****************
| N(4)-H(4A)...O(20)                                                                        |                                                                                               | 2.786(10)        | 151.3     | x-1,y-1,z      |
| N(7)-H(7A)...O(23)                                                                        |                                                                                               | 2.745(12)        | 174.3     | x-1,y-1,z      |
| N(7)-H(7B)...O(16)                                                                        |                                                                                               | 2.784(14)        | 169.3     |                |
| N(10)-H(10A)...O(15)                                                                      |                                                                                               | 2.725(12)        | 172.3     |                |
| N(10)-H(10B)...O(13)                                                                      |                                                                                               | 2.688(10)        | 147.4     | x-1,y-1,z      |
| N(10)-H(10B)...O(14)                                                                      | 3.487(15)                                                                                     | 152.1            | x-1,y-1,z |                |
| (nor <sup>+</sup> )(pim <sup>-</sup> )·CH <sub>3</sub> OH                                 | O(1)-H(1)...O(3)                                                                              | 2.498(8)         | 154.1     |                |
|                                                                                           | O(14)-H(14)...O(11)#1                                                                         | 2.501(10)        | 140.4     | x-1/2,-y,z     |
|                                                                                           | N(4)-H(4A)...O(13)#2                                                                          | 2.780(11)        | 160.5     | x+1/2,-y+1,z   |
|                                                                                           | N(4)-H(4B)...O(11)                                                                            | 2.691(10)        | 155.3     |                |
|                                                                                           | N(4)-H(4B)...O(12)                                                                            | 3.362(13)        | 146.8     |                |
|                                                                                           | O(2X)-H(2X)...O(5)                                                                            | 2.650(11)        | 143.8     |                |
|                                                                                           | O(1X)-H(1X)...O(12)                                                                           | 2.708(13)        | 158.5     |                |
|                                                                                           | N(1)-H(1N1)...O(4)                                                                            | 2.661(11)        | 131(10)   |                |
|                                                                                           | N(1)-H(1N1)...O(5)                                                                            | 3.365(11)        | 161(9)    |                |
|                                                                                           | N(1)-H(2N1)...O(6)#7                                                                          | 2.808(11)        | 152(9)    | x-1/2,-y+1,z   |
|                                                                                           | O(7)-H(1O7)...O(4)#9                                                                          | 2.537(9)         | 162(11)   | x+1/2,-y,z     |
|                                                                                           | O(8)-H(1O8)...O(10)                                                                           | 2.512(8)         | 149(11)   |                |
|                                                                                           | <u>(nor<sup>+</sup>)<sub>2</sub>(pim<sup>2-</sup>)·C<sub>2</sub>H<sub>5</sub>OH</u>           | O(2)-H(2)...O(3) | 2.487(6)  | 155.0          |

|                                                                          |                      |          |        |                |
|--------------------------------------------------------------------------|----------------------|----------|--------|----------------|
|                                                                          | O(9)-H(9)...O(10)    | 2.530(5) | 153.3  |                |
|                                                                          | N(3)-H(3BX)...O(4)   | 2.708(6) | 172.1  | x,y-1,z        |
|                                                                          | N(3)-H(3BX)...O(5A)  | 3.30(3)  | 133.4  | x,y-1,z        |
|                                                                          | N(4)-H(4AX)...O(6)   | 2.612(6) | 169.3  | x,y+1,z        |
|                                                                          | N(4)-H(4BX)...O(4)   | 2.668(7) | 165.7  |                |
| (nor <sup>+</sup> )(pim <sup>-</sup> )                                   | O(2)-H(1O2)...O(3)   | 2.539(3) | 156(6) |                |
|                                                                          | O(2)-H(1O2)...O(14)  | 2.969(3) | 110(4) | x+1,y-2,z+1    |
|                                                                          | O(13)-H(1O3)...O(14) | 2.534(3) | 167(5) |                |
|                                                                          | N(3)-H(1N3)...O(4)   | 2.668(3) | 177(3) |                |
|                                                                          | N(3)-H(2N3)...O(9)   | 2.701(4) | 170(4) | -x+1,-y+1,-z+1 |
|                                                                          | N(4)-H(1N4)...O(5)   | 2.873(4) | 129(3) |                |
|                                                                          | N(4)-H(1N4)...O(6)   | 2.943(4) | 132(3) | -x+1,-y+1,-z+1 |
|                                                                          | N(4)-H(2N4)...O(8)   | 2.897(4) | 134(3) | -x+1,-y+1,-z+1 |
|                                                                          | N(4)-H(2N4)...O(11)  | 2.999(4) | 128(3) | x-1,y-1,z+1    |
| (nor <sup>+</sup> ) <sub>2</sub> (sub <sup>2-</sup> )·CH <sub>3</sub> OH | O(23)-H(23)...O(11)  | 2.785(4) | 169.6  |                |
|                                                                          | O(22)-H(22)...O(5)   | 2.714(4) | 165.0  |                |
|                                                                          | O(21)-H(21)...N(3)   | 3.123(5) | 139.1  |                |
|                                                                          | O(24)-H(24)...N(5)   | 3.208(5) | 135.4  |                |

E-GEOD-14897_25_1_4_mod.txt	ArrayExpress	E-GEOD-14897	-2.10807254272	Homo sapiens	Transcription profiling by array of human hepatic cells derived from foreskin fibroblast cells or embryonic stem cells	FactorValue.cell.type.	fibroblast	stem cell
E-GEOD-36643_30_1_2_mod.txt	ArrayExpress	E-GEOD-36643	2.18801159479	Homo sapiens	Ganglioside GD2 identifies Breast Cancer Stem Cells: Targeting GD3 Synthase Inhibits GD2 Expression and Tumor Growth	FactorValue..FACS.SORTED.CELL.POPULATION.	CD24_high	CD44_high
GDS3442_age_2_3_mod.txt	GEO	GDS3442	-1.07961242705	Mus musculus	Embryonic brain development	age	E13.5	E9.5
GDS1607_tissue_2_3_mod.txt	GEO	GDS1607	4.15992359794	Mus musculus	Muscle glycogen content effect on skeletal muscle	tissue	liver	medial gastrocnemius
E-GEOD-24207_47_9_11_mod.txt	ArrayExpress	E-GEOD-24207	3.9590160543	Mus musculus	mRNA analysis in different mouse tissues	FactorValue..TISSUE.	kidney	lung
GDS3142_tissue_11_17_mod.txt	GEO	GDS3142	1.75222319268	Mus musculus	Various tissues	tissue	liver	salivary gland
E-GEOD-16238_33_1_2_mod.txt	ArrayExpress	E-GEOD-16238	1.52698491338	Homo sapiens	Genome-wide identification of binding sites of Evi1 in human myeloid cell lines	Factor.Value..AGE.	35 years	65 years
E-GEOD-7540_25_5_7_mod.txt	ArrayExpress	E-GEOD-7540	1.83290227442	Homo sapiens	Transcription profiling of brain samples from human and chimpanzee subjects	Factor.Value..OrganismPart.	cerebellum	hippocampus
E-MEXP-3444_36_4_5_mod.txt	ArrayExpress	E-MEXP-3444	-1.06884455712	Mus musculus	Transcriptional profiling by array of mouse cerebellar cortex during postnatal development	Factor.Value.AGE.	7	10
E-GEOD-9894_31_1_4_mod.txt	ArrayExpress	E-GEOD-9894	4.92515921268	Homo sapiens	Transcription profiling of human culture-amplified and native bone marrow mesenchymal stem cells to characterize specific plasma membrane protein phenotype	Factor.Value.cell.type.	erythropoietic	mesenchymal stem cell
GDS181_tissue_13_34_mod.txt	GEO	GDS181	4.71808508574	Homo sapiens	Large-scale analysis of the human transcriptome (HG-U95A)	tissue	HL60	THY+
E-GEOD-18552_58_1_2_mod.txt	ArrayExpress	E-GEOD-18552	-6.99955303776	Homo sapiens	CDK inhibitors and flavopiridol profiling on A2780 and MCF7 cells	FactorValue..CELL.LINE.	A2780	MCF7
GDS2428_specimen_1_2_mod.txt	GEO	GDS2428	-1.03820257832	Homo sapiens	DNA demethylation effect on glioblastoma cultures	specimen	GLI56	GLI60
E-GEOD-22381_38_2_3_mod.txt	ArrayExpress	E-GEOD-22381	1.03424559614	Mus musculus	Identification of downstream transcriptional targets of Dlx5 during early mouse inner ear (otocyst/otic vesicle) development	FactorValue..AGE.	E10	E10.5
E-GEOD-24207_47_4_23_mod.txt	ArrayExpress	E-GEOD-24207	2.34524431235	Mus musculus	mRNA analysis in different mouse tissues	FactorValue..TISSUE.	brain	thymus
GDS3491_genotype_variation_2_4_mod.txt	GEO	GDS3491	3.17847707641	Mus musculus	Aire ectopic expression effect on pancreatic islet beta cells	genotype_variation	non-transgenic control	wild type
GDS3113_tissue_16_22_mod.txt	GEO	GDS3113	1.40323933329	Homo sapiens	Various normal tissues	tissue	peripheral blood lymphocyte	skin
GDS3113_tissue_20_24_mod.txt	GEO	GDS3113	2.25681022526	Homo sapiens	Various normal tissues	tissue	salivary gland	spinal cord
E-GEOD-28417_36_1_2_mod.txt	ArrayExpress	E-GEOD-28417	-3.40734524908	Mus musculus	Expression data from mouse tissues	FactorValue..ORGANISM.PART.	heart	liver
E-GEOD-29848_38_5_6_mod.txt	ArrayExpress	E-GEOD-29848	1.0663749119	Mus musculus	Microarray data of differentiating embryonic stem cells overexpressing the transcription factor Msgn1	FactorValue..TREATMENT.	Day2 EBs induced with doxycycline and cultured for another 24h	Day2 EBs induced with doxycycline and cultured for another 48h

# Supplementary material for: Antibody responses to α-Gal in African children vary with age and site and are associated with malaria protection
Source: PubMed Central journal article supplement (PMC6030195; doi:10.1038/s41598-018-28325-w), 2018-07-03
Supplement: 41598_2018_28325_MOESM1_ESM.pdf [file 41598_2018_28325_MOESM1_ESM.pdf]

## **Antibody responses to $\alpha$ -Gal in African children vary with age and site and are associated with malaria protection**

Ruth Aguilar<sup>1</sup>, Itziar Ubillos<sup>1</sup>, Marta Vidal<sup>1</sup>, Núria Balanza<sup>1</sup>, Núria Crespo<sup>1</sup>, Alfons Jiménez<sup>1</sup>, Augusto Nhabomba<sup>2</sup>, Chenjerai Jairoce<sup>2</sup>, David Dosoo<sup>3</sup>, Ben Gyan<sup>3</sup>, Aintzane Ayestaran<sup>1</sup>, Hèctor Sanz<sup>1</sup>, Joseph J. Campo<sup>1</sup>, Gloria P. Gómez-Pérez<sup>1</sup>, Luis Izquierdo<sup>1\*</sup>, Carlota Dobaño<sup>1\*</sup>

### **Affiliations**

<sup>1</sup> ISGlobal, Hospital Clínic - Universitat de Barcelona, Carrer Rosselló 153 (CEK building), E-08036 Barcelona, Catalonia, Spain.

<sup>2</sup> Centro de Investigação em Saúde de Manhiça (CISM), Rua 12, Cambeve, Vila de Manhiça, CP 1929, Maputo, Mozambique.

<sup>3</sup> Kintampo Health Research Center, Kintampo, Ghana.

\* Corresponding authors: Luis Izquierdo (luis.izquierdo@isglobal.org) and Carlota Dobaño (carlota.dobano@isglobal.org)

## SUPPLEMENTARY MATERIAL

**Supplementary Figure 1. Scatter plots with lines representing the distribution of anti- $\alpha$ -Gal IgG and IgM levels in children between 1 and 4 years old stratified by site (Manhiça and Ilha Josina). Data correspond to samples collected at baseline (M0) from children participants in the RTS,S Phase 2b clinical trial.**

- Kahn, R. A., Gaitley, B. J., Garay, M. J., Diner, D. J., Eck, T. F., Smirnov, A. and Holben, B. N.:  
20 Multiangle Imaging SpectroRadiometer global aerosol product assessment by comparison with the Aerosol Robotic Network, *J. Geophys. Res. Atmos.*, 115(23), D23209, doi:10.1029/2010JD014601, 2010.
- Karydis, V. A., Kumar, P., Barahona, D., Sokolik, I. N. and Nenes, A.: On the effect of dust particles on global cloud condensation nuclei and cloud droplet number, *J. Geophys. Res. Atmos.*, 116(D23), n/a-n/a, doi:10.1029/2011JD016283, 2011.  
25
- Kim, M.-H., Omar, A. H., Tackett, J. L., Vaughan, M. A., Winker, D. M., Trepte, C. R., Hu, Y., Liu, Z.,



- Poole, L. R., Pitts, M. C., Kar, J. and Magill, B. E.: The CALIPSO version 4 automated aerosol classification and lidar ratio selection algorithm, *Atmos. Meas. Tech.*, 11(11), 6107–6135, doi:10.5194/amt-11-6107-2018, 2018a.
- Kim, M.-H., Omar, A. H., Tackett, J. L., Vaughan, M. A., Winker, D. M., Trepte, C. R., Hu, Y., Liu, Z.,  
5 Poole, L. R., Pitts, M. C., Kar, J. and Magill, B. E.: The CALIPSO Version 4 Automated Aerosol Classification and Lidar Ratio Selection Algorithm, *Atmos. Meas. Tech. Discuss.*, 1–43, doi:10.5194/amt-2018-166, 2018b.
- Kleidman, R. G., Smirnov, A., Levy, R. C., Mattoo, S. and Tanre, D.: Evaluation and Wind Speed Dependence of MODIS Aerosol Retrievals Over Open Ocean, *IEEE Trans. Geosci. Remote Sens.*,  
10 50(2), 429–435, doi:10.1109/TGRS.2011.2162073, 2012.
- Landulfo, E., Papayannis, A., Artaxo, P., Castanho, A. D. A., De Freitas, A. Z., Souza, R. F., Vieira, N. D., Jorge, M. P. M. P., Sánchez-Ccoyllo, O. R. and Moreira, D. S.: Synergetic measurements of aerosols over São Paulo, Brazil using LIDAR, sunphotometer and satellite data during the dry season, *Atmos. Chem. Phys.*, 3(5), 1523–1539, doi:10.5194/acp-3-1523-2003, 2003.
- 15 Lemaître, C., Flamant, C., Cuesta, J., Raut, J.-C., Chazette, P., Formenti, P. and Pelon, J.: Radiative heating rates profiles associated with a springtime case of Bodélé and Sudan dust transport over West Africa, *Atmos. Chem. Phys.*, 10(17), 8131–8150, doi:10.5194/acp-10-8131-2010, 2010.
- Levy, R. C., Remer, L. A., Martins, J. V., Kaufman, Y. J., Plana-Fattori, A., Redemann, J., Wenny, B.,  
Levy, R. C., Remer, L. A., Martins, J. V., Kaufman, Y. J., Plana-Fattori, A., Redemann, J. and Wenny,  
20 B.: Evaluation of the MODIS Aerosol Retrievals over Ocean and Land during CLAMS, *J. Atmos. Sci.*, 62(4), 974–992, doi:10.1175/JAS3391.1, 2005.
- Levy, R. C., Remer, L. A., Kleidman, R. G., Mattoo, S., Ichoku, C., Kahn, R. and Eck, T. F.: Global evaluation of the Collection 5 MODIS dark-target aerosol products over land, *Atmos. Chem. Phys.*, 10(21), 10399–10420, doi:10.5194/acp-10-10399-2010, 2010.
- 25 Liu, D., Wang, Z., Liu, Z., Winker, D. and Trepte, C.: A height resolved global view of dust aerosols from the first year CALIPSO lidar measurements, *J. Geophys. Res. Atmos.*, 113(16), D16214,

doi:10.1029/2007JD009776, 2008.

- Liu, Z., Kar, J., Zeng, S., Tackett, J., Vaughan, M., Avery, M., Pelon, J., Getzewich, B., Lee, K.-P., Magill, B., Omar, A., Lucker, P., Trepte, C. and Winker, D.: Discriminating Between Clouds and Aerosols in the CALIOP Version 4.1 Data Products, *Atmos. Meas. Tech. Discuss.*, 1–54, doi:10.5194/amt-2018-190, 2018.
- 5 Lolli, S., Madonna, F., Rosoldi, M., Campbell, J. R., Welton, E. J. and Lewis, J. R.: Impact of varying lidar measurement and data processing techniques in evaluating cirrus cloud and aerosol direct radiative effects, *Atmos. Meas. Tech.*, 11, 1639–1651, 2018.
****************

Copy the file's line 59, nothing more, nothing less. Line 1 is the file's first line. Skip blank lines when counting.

E-GEOD-29848_38_5_6_mod.txt	ArrayExpress	E-GEOD-29848	1.0663749119	Mus musculus	Microarray data of differentiating embryonic stem cells overexpressing the transcription factor Msgn1	FactorValue..TREATMENT.	Day2 EBs induced with doxycycline and cultured for another 24h	Day2 EBs induced with doxycycline and cultured for another 48h